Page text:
The New Jersey Symphony Orchestra announces the NJSO Edward T. Cone Composition Institute, a multi-faceted program that promotes new music and emerging composers, presented in collaboration with the Princeton University Department of Music and generously funded in part by the Edward T. Cone Foundation. The Institute will select up to four composers to participate in five days of intense compositional evaluations and consultations July 15-19 on the Princeton University campus; the program will culminate in a live concert performance of the participants' works by the NJSO and Music Director Jacques Lacombe on July 19 at the Richardson Auditorium.
Even in a Roomful of Teeth, Caroline Shaw stands out. Last April, at the age of 30, Shaw, a Ph.D. candidate at Princeton University, was awarded the Pulitzer Prize for music for her “Partita for 8 Voices.” Shaw is the youngest recipient of the award since its inception in 1943. Previous winners have included Aaron Copland, Charles Ives, Samuel Barber, Elliot Carter, John Adams, Steve Reich and Jennifer Higdon.
After the graduating Tigers sing "Old Nassau" this spring and all the caps and gowns are put away, Princeton University wiil say goodbye to a retiring faculty member who didnt just teach the sweep of twentieth and twenty-first-century music - he lived it.
In his own work, Paul Lansky, who turns seventy in June, journeyed from the algebraic atonality of Milton Babbitt through the painstaking programming of early computers to emerge, decades later, as a composer of bright, friendly and decidedly tonal music for traditional instruments.
Roomful of Teeth in Ewing – Grammy Award-winning vocal ensemble Roomful of Teeth has three upcoming local performances which will include Princeton doctorate candidate Caroline Shaw’s Pulitzer Prize-winning work “Partita” as well as music by Merrill Garbus a.k.a tUnE-yArDs, William Brittelle, Judd Greenstein, Rinde Eckert and Brad Wells. Concerts take place Thursday at the College of New Jersey, Sunday at Princeton University and March 10 at the Monroe Township Public Library. The concerts are presented by the Princeton Symphony Orchestra Chamber Series, princetonsymphony.org
Princeton junior Darya Koltunyuk's morning routine took a new turn this past fall. Instead of grabbing something to go from Whitman College's dining hall, she enjoyed a leisurely walk from her London flat — through Hyde Park and past the gilded gates of Kensington Palace — to the Royal College of Music (RCM). A collaboration established between Princeton University and RCM in 2007 offers Princeton students the opportunity to spend the fall semester of their junior year at the prestigious conservatory. Sixteen students have participated in the program, which provides rigorous professional training within a liberal arts framework and is offered as part of Princeton's Study Abroad Program. Students may audition in the spring of their sophomore year. "Students return with phrases like 'life-changing' on their lips," said Michael Pratt, director of Princeton's Program in Musical Performance. "The experience allows for intensive dedication to music under the caring mentorship of a top-flight faculty and in the larger context of the world's most vibrant music town."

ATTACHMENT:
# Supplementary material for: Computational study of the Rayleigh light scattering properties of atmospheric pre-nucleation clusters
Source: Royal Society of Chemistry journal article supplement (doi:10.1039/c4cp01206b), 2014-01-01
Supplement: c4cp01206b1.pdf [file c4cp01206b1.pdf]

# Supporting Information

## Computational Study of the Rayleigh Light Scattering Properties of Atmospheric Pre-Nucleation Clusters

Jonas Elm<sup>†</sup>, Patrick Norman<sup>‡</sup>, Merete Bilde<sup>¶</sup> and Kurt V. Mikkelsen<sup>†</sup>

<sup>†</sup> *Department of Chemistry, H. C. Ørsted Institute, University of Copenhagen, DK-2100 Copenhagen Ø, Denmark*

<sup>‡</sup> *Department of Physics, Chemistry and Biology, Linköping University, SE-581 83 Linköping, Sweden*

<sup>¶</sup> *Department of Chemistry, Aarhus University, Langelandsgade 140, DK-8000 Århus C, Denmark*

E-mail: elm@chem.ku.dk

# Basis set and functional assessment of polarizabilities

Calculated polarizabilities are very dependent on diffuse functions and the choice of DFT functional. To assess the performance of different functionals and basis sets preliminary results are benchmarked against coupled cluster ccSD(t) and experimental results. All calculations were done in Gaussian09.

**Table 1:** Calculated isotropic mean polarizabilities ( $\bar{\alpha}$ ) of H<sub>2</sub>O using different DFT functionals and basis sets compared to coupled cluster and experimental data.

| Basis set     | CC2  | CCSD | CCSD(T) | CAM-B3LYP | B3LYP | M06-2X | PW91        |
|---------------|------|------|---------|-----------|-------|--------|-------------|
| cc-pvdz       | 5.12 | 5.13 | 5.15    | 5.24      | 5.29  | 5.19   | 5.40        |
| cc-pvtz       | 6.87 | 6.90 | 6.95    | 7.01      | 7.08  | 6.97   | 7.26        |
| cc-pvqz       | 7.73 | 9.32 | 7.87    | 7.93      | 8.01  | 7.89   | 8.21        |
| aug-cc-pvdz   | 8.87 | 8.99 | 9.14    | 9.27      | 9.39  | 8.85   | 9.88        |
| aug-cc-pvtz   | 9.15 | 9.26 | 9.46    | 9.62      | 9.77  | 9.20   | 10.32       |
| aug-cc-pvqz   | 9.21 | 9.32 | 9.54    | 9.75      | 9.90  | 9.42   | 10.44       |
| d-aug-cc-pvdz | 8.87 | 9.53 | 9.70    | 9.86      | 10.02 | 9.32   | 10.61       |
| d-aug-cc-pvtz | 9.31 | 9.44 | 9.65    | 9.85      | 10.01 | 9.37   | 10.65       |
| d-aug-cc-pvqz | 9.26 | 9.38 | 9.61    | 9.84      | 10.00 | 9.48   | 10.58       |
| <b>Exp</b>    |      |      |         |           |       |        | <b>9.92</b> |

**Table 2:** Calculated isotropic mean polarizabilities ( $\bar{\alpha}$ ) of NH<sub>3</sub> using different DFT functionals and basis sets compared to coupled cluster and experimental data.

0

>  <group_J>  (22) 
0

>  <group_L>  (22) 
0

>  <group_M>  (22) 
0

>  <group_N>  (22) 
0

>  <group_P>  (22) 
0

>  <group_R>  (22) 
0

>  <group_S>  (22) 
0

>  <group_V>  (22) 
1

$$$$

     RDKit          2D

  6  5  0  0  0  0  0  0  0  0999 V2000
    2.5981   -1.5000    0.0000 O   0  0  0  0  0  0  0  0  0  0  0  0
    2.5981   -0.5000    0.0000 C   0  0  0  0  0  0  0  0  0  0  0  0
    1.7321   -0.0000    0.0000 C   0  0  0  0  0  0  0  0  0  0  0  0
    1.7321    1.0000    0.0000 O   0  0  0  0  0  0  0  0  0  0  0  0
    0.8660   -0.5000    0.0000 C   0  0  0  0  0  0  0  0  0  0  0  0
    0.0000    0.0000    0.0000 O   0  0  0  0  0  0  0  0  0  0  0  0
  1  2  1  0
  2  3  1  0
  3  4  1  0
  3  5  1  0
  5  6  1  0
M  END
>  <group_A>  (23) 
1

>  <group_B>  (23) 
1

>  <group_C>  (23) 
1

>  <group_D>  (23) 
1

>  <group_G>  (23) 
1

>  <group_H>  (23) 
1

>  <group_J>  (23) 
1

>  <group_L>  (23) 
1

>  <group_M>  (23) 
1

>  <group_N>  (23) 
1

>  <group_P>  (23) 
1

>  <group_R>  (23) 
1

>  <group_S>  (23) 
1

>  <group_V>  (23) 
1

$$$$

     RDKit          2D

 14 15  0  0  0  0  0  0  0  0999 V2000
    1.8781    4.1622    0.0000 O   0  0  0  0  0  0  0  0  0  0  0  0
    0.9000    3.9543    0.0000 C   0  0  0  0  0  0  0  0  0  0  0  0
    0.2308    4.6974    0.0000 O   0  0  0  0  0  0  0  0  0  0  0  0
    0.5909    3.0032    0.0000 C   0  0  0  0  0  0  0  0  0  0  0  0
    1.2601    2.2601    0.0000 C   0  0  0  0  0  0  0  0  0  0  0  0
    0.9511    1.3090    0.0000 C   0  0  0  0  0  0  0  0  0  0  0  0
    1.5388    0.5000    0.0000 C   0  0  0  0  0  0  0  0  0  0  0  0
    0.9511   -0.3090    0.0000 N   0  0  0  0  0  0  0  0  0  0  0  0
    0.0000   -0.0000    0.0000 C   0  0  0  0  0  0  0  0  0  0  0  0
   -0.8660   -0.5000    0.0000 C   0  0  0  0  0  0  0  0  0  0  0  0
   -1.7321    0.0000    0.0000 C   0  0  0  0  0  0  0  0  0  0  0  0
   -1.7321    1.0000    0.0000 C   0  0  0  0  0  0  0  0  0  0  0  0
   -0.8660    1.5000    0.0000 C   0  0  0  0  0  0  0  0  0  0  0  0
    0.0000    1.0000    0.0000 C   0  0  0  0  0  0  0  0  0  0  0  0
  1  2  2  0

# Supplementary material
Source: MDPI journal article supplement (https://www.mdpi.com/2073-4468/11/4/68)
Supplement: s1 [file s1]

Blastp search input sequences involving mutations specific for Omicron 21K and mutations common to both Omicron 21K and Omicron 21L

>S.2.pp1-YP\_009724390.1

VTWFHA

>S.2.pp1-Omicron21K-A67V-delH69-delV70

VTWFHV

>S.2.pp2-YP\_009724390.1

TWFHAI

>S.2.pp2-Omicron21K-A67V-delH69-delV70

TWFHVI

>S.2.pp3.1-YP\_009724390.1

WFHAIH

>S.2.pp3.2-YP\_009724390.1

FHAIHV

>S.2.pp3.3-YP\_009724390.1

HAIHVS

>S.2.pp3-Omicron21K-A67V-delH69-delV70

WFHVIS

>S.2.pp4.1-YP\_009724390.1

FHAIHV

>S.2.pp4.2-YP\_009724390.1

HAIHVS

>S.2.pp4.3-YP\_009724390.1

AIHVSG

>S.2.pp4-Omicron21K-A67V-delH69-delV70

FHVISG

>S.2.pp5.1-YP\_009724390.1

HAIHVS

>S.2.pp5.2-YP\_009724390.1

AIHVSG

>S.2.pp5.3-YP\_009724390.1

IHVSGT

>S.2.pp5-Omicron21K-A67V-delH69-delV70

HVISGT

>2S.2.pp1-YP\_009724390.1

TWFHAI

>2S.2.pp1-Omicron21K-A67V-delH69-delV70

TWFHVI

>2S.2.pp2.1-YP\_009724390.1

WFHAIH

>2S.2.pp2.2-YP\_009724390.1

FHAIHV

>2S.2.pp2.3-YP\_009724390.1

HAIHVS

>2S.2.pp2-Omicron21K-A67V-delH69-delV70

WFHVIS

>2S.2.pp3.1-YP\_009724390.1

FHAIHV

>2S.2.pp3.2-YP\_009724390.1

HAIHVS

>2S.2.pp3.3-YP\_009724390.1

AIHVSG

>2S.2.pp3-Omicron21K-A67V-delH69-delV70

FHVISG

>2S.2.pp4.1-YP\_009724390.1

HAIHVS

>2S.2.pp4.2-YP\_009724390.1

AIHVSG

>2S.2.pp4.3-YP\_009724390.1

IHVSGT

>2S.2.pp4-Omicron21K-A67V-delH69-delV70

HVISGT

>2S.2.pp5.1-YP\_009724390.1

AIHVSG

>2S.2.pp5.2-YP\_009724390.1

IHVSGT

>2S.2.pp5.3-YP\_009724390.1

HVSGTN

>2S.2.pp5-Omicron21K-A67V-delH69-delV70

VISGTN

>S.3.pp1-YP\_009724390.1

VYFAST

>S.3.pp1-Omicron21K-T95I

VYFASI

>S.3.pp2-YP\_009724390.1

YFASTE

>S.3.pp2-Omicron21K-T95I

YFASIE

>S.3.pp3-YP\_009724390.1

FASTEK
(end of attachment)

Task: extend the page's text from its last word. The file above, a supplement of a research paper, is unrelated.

When honor is at stake, there’s no telling how far things will go. And when a 300-year-old academic rivalry is on the line, the combatants are bound to mean business. This weekend, the hot-blooded youths of Harvard and Princeton will settle their differences, not with pistols or rapiers, but by tickling ivories — a whole lot of ivories — as the Princeton Pianists Ensemble faces off against the Harvard College Piano Society.
The path to the music room in Steven Mackey’s spacious Princeton home is lined with toys: a phalanx of toddler-size vehicles, a toy kitchen, a Thomas the Tank Engine table crisscrossed with rail tracks. Next to the brightly colored plastic objects, the black grand piano takes on the wryly amused look of a buttoned-up uncle at a birthday party, besieged on all sides by cheerful chaos.
Collective animal motion — from flocking birds to schooling fish — is inspirational to artists and intriguing to scientists and engineers. A collaborative group of artists and engineers is exploring how these complex flocking motions emerge from individual movements defined by simple rules of response, rather than from a preset choreography or designated leader. The original project, conducted in 2010 and known as Flock Logic, involved dancers that communicated via visual cues. To extend their explorations to include sound and three-dimensional movement, the research team will receive $75,000. The faculty members involved in the project are Naomi Leonard, the Edwin S. Wilsey Professor of Mechanical and Aerospace Engineering; Susan Marshall, professor of dance in the Lewis Center for the Arts; and Daniel Trueman, professor of music
- Mar 15, 2014, 1:00 p.m.Richardson Auditorium
- Mar 25, 2014, 8:00 p.m.Taplin Auditorium in Fine Hall
- Mar 27, 2014, 4:30 p.m.Room 106, Woolworth Center
- Mar 27, 2014, 8:00 p.m.Richardson Auditorium
- Mar 28, 2014, 6:30 p.m.Rockefeller Common Room